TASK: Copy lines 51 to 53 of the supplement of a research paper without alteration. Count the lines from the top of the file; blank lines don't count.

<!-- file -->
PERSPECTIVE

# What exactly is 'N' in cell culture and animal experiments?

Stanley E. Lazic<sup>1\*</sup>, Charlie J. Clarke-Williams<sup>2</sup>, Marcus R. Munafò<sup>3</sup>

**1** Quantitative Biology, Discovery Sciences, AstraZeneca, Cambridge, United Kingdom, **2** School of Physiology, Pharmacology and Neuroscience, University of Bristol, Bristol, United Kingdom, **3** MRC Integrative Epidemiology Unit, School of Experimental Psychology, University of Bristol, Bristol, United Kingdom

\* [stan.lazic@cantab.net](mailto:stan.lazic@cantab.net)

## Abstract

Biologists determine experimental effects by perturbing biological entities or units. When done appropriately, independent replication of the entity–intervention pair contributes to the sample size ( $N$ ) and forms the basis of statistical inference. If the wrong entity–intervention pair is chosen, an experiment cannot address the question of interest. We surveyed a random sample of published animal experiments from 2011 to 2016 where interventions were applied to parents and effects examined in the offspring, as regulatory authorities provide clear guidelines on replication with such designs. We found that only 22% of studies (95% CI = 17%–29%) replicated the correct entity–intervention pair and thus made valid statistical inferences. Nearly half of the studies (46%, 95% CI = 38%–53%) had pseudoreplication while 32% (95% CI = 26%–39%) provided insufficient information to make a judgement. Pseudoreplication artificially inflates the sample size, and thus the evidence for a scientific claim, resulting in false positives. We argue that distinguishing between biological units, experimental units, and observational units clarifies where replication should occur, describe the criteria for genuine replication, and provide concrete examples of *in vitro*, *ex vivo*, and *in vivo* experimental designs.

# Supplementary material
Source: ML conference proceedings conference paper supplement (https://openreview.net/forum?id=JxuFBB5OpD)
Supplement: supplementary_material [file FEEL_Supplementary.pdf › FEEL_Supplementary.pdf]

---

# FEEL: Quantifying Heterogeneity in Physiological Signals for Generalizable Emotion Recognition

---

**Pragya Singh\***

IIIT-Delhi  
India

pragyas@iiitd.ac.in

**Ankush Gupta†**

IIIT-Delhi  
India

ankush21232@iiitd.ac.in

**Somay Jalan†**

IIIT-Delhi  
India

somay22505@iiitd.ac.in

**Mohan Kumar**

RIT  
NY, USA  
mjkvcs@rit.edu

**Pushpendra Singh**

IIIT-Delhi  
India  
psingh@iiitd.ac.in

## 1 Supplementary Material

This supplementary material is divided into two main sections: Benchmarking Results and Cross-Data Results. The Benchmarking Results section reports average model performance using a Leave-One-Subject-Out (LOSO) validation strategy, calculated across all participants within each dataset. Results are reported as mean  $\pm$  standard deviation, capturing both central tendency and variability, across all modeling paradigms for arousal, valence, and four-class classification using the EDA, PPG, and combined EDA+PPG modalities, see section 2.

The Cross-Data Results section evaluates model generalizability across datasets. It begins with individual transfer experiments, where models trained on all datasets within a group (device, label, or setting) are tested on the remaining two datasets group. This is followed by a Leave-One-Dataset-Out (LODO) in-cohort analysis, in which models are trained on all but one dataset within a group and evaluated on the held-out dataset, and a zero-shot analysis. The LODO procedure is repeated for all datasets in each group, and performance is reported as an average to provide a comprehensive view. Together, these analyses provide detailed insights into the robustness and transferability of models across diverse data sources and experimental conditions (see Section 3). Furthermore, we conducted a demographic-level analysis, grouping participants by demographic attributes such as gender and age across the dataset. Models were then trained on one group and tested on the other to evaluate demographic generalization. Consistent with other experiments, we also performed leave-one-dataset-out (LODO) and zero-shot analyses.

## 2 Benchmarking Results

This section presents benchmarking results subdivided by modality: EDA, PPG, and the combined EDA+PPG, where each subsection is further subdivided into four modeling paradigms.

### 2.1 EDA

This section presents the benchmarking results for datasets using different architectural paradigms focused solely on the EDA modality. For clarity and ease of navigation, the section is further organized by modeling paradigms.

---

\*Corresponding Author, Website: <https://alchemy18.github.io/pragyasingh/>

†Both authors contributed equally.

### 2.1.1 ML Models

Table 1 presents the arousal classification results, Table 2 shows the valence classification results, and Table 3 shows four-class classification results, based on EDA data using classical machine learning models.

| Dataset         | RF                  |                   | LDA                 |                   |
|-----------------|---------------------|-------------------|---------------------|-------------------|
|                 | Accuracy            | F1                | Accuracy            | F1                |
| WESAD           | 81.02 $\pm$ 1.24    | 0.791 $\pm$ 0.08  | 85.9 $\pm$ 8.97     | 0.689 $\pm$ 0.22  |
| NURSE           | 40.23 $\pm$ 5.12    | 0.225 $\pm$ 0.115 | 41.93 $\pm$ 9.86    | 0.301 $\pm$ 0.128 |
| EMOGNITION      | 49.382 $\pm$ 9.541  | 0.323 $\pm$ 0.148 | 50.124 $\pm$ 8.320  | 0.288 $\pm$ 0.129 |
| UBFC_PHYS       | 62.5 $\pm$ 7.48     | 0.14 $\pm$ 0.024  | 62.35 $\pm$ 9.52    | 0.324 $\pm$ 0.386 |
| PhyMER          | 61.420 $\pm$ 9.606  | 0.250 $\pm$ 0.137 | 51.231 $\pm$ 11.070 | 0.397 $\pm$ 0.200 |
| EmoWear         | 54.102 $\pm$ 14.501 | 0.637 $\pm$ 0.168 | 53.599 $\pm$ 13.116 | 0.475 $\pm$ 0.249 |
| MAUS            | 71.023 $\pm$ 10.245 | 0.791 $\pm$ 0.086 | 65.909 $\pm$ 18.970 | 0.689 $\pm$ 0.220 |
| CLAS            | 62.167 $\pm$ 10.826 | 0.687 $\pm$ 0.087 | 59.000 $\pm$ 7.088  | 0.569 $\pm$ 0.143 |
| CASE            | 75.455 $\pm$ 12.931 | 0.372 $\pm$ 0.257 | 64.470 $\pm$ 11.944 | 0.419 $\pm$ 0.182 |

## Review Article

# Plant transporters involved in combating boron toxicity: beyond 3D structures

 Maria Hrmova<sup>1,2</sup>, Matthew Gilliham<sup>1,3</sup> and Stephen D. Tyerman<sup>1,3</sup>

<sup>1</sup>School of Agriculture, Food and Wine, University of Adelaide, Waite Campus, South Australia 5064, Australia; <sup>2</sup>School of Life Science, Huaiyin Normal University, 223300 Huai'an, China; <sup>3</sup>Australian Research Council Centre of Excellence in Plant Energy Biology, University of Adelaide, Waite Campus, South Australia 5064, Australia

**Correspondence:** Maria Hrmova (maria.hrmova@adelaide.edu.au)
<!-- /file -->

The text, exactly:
| EMOGNITION      | 49.382 $\pm$ 9.541  | 0.323 $\pm$ 0.148 | 50.124 $\pm$ 8.320  | 0.288 $\pm$ 0.129 |
| UBFC_PHYS       | 62.5 $\pm$ 7.48     | 0.14 $\pm$ 0.024  | 62.35 $\pm$ 9.52    | 0.324 $\pm$ 0.386 |
| PhyMER          | 61.420 $\pm$ 9.606  | 0.250 $\pm$ 0.137 | 51.231 $\pm$ 11.070 | 0.397 $\pm$ 0.200 |